This is a special seminar on Main Campus.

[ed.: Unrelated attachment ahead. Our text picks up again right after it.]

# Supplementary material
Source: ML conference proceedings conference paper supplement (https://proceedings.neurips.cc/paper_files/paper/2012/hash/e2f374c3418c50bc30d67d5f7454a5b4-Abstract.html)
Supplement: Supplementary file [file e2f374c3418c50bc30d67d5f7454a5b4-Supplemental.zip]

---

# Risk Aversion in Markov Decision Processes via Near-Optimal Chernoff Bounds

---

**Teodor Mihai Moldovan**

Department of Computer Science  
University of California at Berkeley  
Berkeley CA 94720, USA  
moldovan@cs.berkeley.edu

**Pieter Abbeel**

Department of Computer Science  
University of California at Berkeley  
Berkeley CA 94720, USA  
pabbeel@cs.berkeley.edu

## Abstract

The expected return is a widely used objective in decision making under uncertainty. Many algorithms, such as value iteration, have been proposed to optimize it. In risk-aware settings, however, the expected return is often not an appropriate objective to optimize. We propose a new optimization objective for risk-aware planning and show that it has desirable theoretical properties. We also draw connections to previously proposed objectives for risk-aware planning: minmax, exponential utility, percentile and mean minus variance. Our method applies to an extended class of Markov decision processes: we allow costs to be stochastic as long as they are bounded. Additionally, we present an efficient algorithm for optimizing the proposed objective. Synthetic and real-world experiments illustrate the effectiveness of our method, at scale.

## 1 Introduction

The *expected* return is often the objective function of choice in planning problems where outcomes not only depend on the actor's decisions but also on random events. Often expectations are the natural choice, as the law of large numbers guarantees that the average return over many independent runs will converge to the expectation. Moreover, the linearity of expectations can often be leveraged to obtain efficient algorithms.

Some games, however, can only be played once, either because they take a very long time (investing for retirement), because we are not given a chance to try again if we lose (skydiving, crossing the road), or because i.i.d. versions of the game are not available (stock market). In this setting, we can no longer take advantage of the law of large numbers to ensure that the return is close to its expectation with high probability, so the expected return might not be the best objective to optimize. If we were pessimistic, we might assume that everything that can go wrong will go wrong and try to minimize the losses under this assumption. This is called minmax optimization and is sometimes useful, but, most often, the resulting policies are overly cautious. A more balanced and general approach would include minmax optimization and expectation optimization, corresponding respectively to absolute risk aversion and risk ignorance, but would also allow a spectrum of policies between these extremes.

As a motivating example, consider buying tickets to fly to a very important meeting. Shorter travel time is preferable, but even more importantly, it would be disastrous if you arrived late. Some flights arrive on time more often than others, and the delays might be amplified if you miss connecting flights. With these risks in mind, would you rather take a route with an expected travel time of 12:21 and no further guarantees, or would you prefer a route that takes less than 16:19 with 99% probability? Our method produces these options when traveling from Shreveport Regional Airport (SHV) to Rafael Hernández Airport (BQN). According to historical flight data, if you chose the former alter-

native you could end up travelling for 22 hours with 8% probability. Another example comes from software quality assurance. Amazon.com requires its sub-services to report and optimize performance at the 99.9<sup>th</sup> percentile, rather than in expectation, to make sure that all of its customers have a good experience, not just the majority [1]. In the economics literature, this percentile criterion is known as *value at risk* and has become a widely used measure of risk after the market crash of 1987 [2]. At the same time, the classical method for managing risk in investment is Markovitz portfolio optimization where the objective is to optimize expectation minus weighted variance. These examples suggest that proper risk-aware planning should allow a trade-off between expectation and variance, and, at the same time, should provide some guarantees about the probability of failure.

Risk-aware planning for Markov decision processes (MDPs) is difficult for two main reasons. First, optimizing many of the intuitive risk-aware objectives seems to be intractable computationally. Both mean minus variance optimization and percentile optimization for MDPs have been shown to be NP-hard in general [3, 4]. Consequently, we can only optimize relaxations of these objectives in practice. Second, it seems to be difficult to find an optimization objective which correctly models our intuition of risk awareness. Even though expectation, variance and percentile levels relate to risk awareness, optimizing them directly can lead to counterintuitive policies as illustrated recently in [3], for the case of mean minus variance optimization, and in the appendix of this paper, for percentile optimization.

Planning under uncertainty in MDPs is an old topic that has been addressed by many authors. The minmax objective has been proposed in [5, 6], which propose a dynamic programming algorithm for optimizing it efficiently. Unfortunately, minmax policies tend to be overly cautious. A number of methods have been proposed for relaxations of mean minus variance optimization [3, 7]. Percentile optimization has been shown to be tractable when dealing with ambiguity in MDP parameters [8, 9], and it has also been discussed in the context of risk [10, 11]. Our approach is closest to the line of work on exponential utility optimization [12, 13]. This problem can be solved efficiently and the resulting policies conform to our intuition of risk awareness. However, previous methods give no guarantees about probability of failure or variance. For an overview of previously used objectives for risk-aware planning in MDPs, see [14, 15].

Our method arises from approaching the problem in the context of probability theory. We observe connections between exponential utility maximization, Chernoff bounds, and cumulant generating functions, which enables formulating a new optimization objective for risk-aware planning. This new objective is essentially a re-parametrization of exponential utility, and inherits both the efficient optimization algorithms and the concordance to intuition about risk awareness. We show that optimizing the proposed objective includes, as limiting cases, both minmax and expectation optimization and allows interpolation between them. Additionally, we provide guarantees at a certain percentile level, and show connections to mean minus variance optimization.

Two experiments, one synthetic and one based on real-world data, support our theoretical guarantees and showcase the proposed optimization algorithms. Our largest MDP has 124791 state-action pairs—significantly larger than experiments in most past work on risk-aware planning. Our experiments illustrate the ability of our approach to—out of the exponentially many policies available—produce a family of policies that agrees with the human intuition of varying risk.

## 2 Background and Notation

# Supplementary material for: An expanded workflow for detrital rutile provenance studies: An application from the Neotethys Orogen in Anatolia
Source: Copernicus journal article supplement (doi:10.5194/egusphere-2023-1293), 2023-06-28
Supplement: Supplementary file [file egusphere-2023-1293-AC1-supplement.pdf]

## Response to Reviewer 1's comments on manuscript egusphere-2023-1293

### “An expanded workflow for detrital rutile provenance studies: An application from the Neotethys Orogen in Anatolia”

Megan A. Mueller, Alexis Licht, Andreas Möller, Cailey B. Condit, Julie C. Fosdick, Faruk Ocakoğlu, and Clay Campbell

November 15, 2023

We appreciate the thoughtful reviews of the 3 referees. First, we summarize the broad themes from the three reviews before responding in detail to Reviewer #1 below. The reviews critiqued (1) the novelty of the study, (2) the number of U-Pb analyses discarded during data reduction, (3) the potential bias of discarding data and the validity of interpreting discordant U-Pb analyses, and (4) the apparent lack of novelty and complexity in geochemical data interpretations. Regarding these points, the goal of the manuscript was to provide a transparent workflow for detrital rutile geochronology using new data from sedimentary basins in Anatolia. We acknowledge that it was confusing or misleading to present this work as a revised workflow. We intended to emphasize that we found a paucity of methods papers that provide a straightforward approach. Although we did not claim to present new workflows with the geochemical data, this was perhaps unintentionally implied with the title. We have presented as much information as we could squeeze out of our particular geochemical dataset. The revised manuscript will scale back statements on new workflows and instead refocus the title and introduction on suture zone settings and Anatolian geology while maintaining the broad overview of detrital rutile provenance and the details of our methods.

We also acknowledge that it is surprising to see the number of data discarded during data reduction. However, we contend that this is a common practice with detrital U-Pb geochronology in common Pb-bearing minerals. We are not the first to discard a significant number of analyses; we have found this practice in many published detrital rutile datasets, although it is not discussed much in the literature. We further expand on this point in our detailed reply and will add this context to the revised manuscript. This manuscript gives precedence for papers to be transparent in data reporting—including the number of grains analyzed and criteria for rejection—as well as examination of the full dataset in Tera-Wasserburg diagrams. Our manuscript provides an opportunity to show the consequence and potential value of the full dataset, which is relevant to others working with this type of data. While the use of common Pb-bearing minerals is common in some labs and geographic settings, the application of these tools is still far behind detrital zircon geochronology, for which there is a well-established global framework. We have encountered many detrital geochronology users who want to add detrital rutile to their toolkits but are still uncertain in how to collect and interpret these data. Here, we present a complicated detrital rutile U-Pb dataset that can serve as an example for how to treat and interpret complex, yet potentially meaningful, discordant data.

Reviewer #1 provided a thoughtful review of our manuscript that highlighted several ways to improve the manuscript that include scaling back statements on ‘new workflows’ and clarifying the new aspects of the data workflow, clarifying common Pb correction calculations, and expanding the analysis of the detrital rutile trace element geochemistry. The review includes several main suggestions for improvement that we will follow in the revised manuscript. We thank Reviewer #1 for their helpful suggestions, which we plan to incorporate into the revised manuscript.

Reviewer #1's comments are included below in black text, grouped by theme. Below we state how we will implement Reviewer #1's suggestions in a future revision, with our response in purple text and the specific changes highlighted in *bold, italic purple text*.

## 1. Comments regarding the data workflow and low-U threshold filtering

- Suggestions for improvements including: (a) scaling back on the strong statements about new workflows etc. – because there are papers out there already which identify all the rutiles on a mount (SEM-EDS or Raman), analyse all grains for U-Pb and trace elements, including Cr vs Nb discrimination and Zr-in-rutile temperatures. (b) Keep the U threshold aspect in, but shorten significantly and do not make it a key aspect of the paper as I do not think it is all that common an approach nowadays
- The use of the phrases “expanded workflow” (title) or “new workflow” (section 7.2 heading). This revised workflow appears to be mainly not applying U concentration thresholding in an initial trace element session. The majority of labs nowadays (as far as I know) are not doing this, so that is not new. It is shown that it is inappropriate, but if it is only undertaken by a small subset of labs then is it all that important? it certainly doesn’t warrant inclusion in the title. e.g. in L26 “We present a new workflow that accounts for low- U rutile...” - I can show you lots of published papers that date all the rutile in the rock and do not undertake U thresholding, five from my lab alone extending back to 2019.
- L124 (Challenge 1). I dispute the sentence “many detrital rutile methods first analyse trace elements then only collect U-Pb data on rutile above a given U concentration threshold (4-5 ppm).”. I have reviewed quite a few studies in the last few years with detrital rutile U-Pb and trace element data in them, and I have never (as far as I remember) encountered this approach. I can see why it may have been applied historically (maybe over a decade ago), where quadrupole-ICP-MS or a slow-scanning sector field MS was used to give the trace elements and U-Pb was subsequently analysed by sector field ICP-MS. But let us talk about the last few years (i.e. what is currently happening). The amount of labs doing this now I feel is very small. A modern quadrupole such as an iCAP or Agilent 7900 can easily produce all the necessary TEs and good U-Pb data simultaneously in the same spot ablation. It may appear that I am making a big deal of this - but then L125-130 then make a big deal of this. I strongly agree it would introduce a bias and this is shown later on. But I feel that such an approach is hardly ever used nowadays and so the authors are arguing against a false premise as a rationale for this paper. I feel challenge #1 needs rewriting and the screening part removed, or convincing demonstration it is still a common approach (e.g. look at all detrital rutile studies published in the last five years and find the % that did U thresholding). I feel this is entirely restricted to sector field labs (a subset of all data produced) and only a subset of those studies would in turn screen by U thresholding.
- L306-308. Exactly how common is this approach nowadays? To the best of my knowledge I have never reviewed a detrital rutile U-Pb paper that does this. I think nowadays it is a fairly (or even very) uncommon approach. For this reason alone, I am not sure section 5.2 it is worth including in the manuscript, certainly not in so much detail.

The precipitation of charged particles from space into planetary environments is as important as it is ubiquitous in the solar system, causing myriad effects on planetary atmospheres, surfaces, and biomatter. In this seminar I’ll focus on two environments in particular: Mars and icy moons. First, precipitation of sheath and tail electrons is the primary source of the ionosphere and discrete aurora on the nightside. Solar energetic particles cause low altitude ionization and radar blackouts in the Martian atmosphere and, if energetic enough, can (along with cosmic rays) be a significant radiation hazard for future Matt Damons on the surface. Here I’ll describe what data from the MAVEN orbiter and Mars Science Laboratory rover missions have taught us about the effects of low and high energy charged particles at Mars, and what work remains. Second, at icy moons such as Europa and Enceladus, any search for biological matter bubbling up from subsurface oceans, must be accompanied by robust radiation characterization in order to interpret the condition, or lack, of biological matter that may be found. Here I will describe why this characterization is important and present a design for a coincidence-stack radiation detector that is designed for Europa but can operate on any planetary surface.